IN THIS WEEK'S SUNDAY CLASSICS POST
We're going to hear some fairly random excerpts from the Fleisher box, including (I'm thinking) the whole of the Suite bergamasque.
Sunday, July 21, 2013
Clifford Curzon plays the first two sections of Schubert's Wanderer Fantasy, in a 1949 Decca recording. You'll find the rest of the performance below.
A couple of weeks ago we celebrated "Fantasy Week at Sunday Classics" with a fantastic roundup that included the Choral Fantasy (for piano, soloists, chorus, and orchestra) of Beethoven, the Hungarian Fantasia (for piano and orchestra) of Liszt, and the Scottish Fantasy (for violin and orchestra) of Max Bruch. Of course there are lots of other musical fantasies, or fantasias (as I pointed out, we distinguish between the two words in English, but it's a distinction that doesn't exist in the standard "musical" languages -- Italian, French, and German), but it occurred to me at the time that we were missing one obviously important one.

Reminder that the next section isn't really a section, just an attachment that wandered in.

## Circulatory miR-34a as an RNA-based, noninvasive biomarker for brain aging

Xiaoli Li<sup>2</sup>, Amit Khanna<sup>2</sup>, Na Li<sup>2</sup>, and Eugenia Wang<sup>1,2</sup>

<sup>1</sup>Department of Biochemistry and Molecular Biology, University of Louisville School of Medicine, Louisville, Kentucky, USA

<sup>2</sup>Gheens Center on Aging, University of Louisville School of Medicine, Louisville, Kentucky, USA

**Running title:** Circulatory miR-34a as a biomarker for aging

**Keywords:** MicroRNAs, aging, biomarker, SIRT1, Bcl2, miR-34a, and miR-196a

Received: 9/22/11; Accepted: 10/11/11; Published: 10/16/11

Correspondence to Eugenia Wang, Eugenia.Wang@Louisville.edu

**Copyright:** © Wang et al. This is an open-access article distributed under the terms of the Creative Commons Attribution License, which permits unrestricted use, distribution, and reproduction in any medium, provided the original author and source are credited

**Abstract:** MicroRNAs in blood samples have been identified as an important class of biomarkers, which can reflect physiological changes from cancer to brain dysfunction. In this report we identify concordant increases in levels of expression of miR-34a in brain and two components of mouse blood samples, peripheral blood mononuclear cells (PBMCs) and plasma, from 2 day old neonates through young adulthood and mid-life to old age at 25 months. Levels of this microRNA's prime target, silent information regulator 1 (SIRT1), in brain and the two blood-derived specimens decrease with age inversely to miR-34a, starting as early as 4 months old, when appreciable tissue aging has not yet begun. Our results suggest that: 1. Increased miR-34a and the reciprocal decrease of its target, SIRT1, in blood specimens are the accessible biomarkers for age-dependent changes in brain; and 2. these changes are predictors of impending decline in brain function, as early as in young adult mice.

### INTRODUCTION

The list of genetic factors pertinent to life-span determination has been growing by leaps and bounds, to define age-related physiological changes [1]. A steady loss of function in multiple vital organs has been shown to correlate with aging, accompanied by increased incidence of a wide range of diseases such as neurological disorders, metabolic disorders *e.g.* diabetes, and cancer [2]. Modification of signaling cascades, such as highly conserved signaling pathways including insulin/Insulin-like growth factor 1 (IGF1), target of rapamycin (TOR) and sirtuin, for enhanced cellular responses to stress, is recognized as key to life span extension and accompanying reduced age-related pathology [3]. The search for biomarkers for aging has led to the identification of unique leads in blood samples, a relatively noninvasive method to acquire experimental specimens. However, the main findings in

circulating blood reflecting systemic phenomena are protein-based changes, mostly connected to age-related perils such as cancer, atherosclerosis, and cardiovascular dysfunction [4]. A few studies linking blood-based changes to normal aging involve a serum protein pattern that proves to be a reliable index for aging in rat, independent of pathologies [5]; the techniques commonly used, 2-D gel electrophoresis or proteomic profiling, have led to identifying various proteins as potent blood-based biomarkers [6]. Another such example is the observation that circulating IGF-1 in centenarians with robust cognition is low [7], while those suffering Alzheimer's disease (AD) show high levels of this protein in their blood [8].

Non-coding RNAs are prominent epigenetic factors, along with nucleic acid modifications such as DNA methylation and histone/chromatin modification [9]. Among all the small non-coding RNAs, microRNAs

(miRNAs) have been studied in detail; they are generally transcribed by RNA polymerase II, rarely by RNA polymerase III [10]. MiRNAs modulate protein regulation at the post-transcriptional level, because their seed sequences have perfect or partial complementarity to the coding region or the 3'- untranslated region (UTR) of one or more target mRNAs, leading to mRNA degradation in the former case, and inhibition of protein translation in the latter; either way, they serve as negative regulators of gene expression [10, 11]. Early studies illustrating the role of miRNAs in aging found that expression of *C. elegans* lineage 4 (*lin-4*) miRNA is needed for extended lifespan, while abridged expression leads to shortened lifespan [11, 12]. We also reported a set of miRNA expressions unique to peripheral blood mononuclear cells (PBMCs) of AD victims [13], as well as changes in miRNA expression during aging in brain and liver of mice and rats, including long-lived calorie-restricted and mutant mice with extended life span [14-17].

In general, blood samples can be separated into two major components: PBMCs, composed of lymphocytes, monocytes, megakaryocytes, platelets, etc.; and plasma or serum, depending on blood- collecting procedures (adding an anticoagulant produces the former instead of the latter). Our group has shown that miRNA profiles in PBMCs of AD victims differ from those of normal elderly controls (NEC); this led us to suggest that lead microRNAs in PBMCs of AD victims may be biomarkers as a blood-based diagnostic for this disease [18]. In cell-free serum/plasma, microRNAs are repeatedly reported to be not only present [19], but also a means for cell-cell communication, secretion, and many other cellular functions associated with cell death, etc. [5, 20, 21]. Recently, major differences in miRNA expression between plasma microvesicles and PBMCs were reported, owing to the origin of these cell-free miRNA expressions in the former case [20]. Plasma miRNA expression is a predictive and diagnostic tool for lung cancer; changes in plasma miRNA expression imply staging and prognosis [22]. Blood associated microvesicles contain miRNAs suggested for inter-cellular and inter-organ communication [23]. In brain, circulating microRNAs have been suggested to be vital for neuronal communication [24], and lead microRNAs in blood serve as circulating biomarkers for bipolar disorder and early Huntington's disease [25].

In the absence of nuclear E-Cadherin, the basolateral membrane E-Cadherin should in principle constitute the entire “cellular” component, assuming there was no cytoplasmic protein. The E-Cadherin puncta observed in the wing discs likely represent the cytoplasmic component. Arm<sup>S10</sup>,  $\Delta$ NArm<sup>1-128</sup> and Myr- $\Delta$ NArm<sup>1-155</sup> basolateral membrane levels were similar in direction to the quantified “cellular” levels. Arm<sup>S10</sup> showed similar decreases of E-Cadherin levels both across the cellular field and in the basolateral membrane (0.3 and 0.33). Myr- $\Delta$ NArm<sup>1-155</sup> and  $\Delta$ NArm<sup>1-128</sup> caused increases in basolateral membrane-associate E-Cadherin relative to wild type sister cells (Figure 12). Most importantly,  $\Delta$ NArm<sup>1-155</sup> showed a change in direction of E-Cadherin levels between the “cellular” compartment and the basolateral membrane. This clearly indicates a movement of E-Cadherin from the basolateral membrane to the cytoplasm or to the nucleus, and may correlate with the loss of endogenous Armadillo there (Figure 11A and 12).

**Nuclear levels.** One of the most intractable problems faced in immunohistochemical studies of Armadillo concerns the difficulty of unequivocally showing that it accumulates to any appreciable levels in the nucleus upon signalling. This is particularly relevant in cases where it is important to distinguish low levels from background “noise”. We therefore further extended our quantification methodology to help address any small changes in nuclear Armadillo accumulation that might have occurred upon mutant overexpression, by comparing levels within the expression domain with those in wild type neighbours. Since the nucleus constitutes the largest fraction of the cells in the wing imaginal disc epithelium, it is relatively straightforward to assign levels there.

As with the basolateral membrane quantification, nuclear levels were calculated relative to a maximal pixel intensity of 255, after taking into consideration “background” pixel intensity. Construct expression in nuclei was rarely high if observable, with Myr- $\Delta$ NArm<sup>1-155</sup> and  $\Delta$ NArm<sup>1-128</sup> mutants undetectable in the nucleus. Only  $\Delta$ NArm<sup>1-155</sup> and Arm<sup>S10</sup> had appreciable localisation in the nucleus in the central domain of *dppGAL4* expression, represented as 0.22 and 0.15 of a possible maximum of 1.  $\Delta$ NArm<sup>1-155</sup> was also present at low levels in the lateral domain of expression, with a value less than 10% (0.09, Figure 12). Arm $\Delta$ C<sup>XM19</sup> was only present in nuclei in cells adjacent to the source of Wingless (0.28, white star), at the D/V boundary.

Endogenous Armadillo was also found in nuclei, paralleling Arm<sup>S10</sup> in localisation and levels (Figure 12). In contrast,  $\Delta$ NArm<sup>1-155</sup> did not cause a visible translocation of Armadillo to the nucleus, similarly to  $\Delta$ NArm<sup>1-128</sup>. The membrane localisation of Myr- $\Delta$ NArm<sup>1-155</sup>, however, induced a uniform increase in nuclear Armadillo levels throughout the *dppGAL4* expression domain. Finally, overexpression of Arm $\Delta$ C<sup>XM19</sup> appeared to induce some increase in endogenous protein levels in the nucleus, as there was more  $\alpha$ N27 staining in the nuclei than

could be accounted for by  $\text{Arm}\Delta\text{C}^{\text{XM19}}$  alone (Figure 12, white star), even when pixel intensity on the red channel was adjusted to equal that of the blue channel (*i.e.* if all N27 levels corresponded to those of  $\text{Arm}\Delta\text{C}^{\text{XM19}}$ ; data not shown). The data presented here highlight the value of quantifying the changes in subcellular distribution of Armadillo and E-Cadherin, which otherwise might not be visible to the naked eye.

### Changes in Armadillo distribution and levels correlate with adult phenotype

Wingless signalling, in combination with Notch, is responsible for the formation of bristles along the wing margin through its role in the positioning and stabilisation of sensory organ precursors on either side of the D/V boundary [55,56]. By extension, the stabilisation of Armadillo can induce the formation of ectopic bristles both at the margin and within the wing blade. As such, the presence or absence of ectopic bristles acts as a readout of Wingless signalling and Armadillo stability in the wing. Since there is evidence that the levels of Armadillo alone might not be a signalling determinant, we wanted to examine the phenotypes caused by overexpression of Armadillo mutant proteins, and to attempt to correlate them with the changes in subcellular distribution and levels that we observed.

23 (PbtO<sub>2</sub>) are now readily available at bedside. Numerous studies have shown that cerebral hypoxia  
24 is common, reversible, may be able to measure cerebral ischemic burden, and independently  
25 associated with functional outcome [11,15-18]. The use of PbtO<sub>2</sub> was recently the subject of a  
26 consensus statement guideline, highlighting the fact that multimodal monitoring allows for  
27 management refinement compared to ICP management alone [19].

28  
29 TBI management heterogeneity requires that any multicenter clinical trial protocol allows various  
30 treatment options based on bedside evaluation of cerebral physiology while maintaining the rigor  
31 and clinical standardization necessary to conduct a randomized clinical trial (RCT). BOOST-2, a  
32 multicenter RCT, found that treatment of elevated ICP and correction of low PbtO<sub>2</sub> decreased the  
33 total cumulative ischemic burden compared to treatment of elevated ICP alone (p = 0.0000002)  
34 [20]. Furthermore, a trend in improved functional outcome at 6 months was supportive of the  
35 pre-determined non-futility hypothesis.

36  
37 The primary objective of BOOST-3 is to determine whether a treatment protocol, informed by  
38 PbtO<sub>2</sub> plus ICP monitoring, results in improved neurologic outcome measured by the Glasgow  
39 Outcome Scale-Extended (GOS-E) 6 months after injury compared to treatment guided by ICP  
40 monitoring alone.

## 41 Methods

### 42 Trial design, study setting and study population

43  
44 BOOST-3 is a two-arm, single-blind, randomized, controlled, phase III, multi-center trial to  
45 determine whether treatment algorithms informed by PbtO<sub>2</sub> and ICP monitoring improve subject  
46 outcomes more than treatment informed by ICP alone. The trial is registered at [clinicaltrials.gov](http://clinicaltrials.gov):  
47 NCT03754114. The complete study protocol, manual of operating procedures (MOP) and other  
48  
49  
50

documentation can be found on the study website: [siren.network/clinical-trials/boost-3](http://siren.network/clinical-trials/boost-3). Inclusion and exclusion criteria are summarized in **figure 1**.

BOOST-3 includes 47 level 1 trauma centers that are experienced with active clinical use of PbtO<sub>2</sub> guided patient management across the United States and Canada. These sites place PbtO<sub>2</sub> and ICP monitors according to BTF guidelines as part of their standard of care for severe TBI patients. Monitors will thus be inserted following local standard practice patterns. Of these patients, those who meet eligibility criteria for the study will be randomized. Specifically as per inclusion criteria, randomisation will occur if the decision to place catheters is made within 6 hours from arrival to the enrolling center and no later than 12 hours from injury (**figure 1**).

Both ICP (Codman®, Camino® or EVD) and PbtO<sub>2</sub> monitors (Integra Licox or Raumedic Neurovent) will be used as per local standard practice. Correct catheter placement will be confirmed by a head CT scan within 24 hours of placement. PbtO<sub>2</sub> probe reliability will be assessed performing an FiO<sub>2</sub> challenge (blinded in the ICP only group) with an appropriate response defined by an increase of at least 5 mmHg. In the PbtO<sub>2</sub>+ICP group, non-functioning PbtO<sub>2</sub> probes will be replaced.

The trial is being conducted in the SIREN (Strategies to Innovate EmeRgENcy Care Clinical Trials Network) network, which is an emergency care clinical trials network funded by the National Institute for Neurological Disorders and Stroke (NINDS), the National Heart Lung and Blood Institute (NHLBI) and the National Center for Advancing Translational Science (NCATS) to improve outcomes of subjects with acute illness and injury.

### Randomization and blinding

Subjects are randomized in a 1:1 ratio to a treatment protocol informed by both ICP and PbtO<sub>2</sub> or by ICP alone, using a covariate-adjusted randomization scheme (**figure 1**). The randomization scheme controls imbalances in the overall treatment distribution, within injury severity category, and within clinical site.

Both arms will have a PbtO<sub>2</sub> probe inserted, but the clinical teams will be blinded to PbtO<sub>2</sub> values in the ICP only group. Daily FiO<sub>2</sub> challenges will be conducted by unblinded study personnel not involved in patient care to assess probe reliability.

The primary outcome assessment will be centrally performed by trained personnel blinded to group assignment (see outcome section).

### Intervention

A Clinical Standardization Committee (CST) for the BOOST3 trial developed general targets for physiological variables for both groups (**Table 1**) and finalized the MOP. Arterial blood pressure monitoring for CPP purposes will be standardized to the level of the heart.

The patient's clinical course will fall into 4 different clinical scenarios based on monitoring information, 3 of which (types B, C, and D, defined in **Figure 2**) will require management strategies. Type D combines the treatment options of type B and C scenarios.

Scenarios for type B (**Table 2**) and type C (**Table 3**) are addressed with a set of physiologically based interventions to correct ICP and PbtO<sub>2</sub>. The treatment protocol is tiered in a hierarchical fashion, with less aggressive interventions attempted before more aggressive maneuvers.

So this week we add to our fantasy roste Schubert's C major Fantasy, D. 760, more familiarly known as the Wanderer Fantasy, for piano solo (at least until Franz Liszt got his hands on it). It's a piece whose rhythmically driven opening, once heard, seems to me unlikely to be forgotten.
SCHUBERT: Wanderer Fantasy (Fantasy in C), D. 760:
Opening, part 1
Mikhail Rudy, piano. EMI, recorded c1987
But immediately Schubert turns the same material into something very different, and then returns to the original driven mode, and then back, and then . . . .
Friday, July 19, 2013
SCHUBERT: "Der Wanderer" ("The Wanderer"), D. 493
Poem by Georg Philipp Schmidt von Lübeckby Ken
I come down from the mountains.
The valley streams;
the sea roars.
I wander, silent and joyless,
and my sighs always ask, "Where?"
The sun seems so cold to me here,
the flowers faded and life old,
and what they say is empty sound.
I am a stranger everywhere.
Where are you? Where are you, my beloved land?
Sought for, dreamed of, but never known!
The land, the land, so green with hope,
the land where my roses bloom,
where my friends go wandering
where my dead rise up
the land where my language is spoken,
o land, where are you?
I wander, silent and joyless,
and my sighs always ask, "Where?"
In a ghostly whisper it calls back to me,
"There where you are not,
there is your joy!"